No it doesn't. The force required to crush a column is F0 (or in other words, the load capacity of the column). This force is clearly larger than m*g in that figure, about factor 3.

The mass crushes the column and gets decelerated in the process, decreasing its force. When u, the displacement, reaches the point where the m*g force of the mass is greater than the force with which the columns can resist to their deformation because they have developed plastic hinges from being crushed (u_c), the mass picks up velocity through gravity again, gaining enough force to do the same to the next story.

This is the scenario where m*g is greater than F_c (also called the maxwell line) and also greater than F_0. F_c is the average force of the F(u) curve, F_0 is the maximum force with which the column resists. This is the point shortly before your ruler snaps.

m*g, Fc and F0 are constant values. They do not change. That is why they are horizontal lines in that figure.

mg or Fc is nowhere greater than F0. F0 is the peak value. You are confusing it with F(u).

There is another scenario where m*g is not greater than F_c. In that case, the columns may be displaced a little, up to u_0. This is the dead load scenario. It does not bend very much and easily holds everything above it aloft with ease.

In the first scenario, you can have F_0 > m*g > F_c (FoS < 1) without the columns buckling yet.

If F0 > m*g, then by definition FoS > 1. As FoS=F0/m*g.

I think you should reconsider your interpretation of the figure. When you have, we can discuss it further.

posted on May, 26 2013 @ 12:26 PM

Originally posted by -PLB-

Originally posted by Akareyon
This load-displacement diagram shows what happens when the force m*g is greater than the force needed to crush a column.
No it doesn't. The force required to crush a column is F0 (or in other words, the load capacity of the column). This force is clearly larger than m*g in that figure, about factor 3.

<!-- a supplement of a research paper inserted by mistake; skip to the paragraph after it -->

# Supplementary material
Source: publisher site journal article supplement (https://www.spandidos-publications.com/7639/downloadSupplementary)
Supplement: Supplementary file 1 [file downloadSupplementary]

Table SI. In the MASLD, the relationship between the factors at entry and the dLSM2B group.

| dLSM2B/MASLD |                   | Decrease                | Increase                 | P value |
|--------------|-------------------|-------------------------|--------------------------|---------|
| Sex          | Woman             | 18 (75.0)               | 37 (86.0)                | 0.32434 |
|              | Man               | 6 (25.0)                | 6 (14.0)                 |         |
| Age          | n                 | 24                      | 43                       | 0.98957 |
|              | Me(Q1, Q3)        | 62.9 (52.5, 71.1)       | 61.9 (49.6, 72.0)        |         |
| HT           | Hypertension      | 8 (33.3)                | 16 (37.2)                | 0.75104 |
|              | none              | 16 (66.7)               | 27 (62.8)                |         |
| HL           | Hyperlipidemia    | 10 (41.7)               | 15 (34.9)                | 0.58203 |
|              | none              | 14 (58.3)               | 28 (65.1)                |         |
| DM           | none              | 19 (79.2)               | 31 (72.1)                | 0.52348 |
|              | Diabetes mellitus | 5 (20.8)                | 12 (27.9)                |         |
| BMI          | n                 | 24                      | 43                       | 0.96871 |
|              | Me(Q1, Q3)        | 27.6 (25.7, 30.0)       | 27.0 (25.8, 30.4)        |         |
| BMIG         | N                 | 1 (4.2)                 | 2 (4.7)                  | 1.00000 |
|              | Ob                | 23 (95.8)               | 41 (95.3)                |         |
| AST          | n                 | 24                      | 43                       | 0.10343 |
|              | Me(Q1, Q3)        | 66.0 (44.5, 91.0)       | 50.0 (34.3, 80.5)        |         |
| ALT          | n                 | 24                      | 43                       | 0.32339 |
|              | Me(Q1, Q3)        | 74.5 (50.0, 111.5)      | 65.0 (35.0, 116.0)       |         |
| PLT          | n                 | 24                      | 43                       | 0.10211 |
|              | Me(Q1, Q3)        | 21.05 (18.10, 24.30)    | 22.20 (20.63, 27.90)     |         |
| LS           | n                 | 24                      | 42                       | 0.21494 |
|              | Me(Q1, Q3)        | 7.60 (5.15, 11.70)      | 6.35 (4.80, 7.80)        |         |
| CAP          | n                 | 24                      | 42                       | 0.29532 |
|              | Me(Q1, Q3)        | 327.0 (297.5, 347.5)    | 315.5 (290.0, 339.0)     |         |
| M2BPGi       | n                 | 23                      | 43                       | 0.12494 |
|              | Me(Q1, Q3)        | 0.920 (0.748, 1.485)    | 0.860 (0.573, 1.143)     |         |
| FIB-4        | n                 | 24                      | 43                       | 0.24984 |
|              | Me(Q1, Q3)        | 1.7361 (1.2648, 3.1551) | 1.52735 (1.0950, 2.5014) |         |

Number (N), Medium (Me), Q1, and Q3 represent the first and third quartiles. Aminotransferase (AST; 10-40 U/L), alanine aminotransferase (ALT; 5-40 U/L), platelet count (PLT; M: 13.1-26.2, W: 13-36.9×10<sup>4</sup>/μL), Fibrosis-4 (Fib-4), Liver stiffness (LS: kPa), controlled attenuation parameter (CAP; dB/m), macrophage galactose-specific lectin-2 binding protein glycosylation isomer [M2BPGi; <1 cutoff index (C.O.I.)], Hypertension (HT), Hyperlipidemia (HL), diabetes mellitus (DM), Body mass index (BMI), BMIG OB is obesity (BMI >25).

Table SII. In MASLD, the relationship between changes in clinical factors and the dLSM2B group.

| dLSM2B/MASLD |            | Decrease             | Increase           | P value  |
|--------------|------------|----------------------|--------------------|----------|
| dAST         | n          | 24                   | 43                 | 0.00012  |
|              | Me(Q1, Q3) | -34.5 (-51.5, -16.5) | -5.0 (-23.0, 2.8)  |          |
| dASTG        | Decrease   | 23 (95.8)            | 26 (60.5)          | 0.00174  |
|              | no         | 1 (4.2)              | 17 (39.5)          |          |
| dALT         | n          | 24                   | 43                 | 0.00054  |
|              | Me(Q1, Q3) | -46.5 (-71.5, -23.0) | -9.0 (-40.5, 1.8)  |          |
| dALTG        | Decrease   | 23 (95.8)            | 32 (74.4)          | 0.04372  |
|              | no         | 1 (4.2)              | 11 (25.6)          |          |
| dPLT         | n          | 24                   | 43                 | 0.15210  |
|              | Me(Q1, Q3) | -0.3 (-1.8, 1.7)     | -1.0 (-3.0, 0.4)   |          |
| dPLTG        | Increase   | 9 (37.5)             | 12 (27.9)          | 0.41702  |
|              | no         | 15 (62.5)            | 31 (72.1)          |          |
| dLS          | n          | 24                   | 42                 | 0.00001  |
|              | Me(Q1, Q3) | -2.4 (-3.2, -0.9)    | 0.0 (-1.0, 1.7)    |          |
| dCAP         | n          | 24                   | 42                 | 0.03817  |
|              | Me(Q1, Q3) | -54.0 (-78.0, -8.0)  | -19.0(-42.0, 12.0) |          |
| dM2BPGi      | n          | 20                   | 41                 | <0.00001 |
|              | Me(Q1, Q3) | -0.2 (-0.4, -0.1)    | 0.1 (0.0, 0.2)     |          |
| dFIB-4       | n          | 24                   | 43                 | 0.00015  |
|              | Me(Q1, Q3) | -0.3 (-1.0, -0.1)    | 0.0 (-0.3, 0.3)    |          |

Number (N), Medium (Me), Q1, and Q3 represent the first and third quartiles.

Yes it does. The average force required to crush the column is F_c (or in other words, the maxwell line), because when F_0 is overcome, only very little force is needed because the column doesn't resist anymore.

m*g, Fc and F0 are constant values. They do not change. That is why they are horizontal lines in that figure.
I never said otherwise. Except for m*g.

mg or Fc is nowhere greater than F0. F0 is the peak value. You are confusing it with F(u).
No, I was confusing m*g with the m*a (or F(u) after a free fall of m) I mentioned a few sentences later, and m*a is greater than F_0. It was a mistake, a wiser man would have noticed and corrected it, but it doesn't invalidate the point of my argument at all.

There is another scenario where m*g is not greater than F_c. In that case, the columns may be displaced a little, up to u_0. This is the dead load scenario. It does not bend very much and easily holds everything above it aloft with ease.

In the first scenario, you can have F_0 > m*g > F_c (FoS < 1) without the columns buckling yet.

If F0 > m*g, then by definition FoS > 1. As FoS=F0/m*g.
Which definition?

Is there one I missed which says you are allowed to strain a structure with a dead load way beyond its maxwell line?

posted on May, 26 2013 @ 12:43 PM

Originally posted by Akareyon
No, I was confusing m*g with the m*a (or F(u) after a free fall of m) I mentioned a few sentences later, and m*a is greater than F_0. It was a mistake, a wiser man would have noticed and corrected it, but it doesn't invalidate the point of my argument at all.

A wise person isn't going to guess what someone means when what he writes doesn't make sense, but confronts the person with it. Why didn't you just call it F(u)? It is called like that in the figure too.

Anyway, when by m*g you actually meant m*a which is F(u), you wrote:

This is the scenario where F(u) is greater than F_c (also called the maxwell line) and also greater than F_0

You say that F(u) is greater than F0. That is logically impossible, as F0 is the peak value of F(u). So it still does not make sense. And no, I am not going to guess what you actually meant to say.

Which definition?

Is there one I missed which says you are allowed to strain a structure with a dead load way beyond its maxwell line?

This one: "absolute strength (structural capacity) to actual applied load".

F0 = absolute strength (structural capacity).

Which one else did you have in mind?
edit on 26-5-2013 by -PLB- because: (no reason given)

posted on May, 26 2013 @ 01:57 PM

Originally posted by -PLB-
And no, I am not going to guess what you actually meant to say.